OPINION: Why toys need stories

Starlight Runner CEO and consultant Jeff Gomez talks about the need for narrative in today's toys, in the age of multi-platform.
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With the exception of a couple of Aurora models (which quickly smashed after a bit of rough play), there were no Japanese monster toys to be found in the Lower East Side of Manhattan in 1969. 

The sole exception was Aron, a snaggle-toothed Godzilla lookalike my mum bought me for Christmas that I treasure to this day. 

Around Aron I built my Monsters League of the World: a one-armed Captain Action, a rubber turtle with a broken shell, a stuffed baby alligator missing its two front legs, and a tattered wash cloth. Their epic adventures were informed by the serious themes, ever-shifting alliances, and mind-boggling destruction I thrilled to in dozens of Toho giant monster films. The 4:30 movie may have set the tone, but my soaring five-year-old mind took care of the rest.

Flash forward to the year 2002, where in El Segundo, California, I’m pitching to Mattel on creating a story world around their Hot Wheels brand. A concerned executive cut me off, telling me that this was a risky idea. “Who are you,” he asked, “to impose a narrative over these toys? It could interfere with the boy’s own concept of the cars. It could interfere with established play patterns, and that would be a disaster.”

These were valid concerns, but as far as I was concerned, the transmedia revolution had already begun. The internet was becoming a powerful presence in the lives of children. Gadgets such as smart phones and tablets that would change the way we behave and interact were right around the corner. In just a few years, social media would become the pervasive form of sharing what we like and how we feel.

So I told that executive something that has since become even more vital and true. If your brand is going to stand out amongst all competitors, you are going to have to give the child something to start with – story. You’re going to need to develop a compelling story world around your toy. It has to be a story that uses the essence, values and archetype of the brand as building blocks. It also must tap the foundational tenets of narrative to engage, surprise and delight millions of kids. 

This is no easy feat, but my words were proven by the fact that the Hot Wheels story world has persisted for nearly ten years now (in the form of World Race, Acceleracers, and most recently Battle Force 5). When well executed, story can be quite lucrative and lead to multiple revenue streams. More importantly, it can allow for your toy to reach millions of kids across an array of media platforms. As such, story becomes your brand ambassador. It can manifest in an app, an e-book, a digital comic, or even through traditional platforms like TV and films. A rich story world provides portals – points of entry – through which a child can make contact with a toy from any of a dozen directions. 

That takes us to 2012, and the advent of the age of pervasive communications. Kids aren’t just absorbing narratives, as illustrated by tens of thousands of homemade Littlest Pet Shop videos, they’re creating them on their own and posting them on YouTube. If I were five or six years old today, I might have my own Monsters League social media channel.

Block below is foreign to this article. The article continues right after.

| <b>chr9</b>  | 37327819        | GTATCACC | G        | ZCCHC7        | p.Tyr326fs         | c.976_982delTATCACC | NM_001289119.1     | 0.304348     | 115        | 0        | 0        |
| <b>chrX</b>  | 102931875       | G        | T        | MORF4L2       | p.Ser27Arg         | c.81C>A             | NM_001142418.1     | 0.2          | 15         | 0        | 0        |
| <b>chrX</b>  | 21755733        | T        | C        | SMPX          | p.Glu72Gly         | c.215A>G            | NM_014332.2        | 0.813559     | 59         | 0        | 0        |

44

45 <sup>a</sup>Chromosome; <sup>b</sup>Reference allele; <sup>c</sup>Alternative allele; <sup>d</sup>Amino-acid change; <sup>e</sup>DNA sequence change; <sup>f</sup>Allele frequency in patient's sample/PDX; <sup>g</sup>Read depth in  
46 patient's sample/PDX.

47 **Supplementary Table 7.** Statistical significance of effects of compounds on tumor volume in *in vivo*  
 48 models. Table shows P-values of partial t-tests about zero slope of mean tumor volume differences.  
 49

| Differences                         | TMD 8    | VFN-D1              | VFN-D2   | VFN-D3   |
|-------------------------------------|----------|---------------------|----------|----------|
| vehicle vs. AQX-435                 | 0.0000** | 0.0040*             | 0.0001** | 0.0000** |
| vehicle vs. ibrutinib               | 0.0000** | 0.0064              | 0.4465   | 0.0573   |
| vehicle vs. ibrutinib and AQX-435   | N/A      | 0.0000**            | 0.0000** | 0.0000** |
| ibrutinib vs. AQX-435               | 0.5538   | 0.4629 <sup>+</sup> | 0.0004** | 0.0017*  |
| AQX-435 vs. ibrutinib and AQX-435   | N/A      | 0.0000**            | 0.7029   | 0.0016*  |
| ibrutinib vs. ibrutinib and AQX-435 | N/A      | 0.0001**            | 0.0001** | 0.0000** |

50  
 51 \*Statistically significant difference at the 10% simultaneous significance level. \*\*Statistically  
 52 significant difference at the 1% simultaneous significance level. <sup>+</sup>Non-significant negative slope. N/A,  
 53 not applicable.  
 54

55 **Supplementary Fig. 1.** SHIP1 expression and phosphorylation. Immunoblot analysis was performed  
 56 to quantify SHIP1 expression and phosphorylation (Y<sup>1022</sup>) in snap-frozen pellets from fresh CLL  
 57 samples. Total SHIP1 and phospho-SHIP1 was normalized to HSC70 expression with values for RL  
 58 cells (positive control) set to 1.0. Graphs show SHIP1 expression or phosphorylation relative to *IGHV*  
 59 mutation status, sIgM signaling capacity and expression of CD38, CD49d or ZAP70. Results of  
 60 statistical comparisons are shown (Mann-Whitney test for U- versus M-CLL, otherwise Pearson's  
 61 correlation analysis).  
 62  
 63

When you build a story world around your toy, you are giving kids the clay with which they can express their own imaginations. It’s not important that they adhere to the canon of your tales – after all, how many of us made up wildly contradictory scenarios with our Star Wars figures – it just matters that the stories are well told and that they convey the distinct themes, ethos and meaning of your brand. Anything less will ring hollow and fall flat.

I also realise that I’m talking to toy designers and manufacturers, and your specialty is not necessarily in weaving enchanting or action-packed narratives. Some of you may be makers of teddy bears, baby dolls or bubble blowers, which don’t seem to lend themselves to rich worlds of adventure. I say you must strongly consider it. 

Even the most modest brands need to reach kids, and the attention of young people is being divided across a greater number of screens and sources. You don’t have to have TV and feature film ambitions to know you now need better reach. Story will do that for you, and if you’re not a savvy professional writer, then it might serve you well to go out and find one. Mattel and Spin Master are doing this wonderfully with such brands as Barbie and Bakugan. Microsoft is busy extending its Halo brand into a global transmedia franchise by teaming with novelists and expert scripters. 

On scales from small to grand, you can do the same.

About the author

Jeff Gomez is CEO of Starlight Runner Entertainment, the world’s leading producer of transmedia entertainment franchises. He has consulted on such properties as Pirates of the Caribbean, Avatar, Hot Wheels, Men in Black and Transformers, maximising their value by helping to extend their story worlds across multiple media platforms. He recently addressed members of the Toy Industry Association at Toy Design Con 2012. You can follow him on Twitter @Jeff_Gomez.

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